It’s a small company with a huge goal: bringing automated emergency alerts to the developing world.
Eliot Christian, who lives in Reston, Virginia, is the CEO of Alert-Hub.org.
CAP — short for Common Alerting Protocol — is in use in the United States and in most developed countries. Christian said the focus of his nonprofit is getting that system into the least-developed and developing countries because they are the most vulnerable.
Christian said Americans already benefit from the system — and not only on our cellphones or television or over radio.
For example, “We get digital highways signs giving us warnings, we have sirens that automatically sound within seconds, we have train gates and bridge gates that stop us in the event of an earthquake,” Christian said.
He added, “The rest of the world needs what we’ve already had for 20 years: an automated, machine-processable alerting system.”
Christian has been promoting CAP internationally since 2001, when he helped develop the Common Alerting Protocol standard after 9/11.
The Federal Emergency Management Agency says a single CAP emergency message can trigger a variety of public warning systems.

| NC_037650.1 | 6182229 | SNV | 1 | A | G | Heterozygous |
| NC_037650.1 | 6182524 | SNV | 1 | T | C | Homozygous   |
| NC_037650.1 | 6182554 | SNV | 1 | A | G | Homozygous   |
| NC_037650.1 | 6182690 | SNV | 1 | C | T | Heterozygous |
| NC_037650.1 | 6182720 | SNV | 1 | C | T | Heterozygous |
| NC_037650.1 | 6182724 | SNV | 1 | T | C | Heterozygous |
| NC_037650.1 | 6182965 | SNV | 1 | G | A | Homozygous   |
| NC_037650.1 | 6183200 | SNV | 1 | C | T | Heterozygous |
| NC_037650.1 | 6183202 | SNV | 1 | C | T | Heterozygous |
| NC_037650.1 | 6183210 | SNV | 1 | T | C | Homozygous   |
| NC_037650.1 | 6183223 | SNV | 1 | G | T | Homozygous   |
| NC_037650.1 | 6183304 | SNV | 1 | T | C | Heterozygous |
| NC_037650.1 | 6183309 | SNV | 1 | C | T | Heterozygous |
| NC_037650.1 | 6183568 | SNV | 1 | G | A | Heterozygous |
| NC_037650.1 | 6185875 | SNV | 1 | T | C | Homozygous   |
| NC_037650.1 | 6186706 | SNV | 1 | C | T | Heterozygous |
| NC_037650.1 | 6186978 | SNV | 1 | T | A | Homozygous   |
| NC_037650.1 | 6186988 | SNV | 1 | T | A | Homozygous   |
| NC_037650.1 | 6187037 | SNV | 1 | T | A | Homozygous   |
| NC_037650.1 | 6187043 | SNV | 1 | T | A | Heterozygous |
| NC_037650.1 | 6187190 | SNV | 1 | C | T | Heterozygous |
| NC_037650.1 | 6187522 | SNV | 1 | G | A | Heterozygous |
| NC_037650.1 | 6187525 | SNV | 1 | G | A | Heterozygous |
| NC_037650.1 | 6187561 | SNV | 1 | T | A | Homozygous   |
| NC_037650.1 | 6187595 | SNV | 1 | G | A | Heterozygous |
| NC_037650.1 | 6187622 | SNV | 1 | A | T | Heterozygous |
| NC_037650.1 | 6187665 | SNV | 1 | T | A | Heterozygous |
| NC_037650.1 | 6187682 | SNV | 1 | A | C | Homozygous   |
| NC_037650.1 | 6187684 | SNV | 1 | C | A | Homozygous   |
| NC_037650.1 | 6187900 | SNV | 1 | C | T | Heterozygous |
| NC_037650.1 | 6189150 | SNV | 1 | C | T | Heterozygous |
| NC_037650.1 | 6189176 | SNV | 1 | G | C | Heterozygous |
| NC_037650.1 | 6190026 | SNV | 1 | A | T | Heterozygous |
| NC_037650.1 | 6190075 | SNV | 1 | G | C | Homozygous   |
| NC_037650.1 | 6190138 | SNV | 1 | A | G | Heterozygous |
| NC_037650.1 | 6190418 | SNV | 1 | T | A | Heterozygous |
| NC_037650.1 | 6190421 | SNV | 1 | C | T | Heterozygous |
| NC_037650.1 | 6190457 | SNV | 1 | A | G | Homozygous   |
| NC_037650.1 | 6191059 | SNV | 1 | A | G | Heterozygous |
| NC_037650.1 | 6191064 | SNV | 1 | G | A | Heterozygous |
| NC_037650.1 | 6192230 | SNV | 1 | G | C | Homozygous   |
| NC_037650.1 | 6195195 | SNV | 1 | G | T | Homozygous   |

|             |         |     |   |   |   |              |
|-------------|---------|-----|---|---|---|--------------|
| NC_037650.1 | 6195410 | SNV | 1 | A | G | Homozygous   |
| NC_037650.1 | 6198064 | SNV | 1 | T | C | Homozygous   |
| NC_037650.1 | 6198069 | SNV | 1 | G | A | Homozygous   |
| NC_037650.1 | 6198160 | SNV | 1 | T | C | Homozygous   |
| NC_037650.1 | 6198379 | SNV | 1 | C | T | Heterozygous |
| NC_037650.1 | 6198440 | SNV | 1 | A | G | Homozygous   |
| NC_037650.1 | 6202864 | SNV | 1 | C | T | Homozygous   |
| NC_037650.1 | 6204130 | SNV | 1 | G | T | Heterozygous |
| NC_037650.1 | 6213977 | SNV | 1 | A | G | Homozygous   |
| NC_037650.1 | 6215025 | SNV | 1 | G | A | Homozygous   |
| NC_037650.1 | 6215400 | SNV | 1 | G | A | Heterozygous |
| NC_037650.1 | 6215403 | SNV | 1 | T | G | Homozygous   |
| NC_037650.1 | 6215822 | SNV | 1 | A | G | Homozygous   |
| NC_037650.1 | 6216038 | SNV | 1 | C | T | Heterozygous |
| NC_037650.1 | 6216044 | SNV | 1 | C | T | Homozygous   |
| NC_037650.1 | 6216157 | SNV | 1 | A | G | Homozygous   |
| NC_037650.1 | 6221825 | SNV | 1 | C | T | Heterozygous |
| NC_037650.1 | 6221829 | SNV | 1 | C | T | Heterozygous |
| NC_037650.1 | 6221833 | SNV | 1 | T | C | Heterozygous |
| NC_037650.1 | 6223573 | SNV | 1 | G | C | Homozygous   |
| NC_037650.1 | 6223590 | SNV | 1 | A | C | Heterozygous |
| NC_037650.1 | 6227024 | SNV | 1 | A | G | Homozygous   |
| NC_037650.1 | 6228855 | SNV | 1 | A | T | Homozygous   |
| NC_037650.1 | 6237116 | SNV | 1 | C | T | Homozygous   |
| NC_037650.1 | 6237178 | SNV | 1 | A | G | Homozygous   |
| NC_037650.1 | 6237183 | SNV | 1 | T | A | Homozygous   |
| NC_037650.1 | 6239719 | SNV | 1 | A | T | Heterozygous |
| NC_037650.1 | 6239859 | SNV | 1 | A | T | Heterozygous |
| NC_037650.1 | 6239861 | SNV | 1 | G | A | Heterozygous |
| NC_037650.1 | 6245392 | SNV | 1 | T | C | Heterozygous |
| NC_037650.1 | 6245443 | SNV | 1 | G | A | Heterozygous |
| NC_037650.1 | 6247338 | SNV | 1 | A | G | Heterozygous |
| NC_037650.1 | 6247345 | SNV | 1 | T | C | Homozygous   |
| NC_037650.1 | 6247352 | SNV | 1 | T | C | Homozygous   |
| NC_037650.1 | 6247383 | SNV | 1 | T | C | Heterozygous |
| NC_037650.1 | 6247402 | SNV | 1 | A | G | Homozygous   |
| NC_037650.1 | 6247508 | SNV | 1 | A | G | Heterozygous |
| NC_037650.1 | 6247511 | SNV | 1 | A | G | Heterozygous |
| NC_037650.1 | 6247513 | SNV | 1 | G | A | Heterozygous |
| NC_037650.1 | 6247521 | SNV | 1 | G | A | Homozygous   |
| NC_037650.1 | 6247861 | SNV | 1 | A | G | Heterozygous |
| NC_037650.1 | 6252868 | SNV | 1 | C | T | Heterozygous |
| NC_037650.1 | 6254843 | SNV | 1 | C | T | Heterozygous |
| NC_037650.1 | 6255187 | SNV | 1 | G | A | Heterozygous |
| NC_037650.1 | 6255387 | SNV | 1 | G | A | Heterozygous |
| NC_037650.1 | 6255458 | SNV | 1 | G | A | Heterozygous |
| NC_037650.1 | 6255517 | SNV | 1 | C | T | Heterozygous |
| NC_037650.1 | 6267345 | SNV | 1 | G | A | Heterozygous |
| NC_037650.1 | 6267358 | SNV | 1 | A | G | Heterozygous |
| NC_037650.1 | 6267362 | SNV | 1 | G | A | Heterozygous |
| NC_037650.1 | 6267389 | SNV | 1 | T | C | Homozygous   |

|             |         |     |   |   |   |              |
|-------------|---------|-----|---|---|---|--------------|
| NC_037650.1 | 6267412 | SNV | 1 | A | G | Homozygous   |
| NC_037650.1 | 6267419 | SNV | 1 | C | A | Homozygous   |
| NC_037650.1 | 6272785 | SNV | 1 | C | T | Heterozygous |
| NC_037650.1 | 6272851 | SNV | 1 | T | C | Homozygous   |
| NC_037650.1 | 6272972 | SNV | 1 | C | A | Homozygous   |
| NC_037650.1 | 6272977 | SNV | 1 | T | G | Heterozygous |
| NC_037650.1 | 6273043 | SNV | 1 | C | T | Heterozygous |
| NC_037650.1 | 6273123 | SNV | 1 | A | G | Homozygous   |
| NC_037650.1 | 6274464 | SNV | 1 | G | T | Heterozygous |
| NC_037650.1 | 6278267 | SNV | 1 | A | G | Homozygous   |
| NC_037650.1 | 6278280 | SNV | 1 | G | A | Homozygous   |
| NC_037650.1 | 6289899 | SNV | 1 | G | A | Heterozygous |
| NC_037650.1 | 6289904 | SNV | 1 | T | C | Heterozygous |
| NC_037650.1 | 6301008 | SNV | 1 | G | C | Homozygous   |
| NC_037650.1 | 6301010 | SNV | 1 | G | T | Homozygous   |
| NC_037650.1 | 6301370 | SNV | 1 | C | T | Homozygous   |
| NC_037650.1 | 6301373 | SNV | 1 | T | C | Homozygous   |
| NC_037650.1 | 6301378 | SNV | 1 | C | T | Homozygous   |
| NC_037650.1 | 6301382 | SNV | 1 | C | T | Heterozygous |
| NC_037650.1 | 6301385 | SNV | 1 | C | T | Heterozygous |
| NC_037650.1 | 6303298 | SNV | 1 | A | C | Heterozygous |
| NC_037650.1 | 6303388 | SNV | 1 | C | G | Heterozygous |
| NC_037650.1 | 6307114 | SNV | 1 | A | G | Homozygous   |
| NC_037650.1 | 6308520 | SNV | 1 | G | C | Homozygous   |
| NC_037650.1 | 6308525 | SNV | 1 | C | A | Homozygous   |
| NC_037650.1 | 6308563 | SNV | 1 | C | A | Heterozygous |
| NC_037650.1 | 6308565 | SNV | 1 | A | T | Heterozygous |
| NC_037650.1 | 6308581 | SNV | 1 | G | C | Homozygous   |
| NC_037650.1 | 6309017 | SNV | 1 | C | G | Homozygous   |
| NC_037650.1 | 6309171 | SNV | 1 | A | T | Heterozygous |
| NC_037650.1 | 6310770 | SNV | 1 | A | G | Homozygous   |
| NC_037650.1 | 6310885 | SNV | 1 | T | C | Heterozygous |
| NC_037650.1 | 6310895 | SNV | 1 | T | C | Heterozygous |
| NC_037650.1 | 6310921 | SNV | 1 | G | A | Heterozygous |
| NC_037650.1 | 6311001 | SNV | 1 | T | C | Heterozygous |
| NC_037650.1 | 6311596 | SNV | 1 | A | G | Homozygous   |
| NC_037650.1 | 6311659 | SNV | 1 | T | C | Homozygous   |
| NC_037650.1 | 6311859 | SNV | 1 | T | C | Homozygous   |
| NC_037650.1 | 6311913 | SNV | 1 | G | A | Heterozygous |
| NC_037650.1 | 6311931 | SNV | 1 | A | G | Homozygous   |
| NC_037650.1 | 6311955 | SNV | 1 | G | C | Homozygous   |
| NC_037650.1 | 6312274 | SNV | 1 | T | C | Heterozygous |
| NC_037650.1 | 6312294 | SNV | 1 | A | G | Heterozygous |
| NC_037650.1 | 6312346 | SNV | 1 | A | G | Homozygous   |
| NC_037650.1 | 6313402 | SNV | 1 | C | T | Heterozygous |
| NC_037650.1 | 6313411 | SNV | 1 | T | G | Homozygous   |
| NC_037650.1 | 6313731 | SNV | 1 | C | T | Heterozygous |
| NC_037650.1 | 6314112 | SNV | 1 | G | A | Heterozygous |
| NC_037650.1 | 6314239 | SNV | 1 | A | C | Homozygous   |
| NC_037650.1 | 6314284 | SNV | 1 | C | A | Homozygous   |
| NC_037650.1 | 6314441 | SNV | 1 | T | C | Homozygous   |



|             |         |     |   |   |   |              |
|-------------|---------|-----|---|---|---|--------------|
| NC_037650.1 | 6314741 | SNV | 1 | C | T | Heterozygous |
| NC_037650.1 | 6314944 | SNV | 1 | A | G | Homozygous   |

Christian and a colleague in Sheffield, England, are the company’s sole employees. They work pro bono — in all languages of the world. “The tool I offer right now is in 26 languages. But we can add others within hours,” he says. “We just added Urdu and a few other languages.”
This YouTube video shows an example of the CAP alert for a volcanic eruption on St. Vincent in April 2021.
According to Christian, some countries have taken strong positions on CAP and are rolling it forward, including Canada, Mexico, India, Saudi Arabia, Brazil and New Zealand. There is also a new initiative pulling together all of the Caribbean with its different governments.
Meteoalarm works to get CAP alerts to a grouping of 37 European National Meteorological Services. It provides multilingual warnings in an easy and understandable way to the general public and makes the information available via feeds and the alert hub to worldwide (re)users.
There is no cost for a country or area to get started. Alert-Hub.org has an application that runs on the cloud.
“The alerting authority has to designate who’s allowed to approved those alerts,” Christian said. “Once they make that step, they can be up and running.”
A global public awareness campaign is backing the push to get the world’s nations to implement CAP. An online document, “Call to Action on Emergency Alerting,” lists many international organizations, companies and NGOs — including Google, AccuWeather, the International Federation of Red Cross and Red Crescent Societies and the World Meteorological Organization — that endorse the idea of getting all countries on board by 2025.
Christian says that despite today’s amazing telecommunications services, too many people in harm’s way still do not get timely and effective emergency alerts so they can protect lives and livelihoods. He’s working to change that.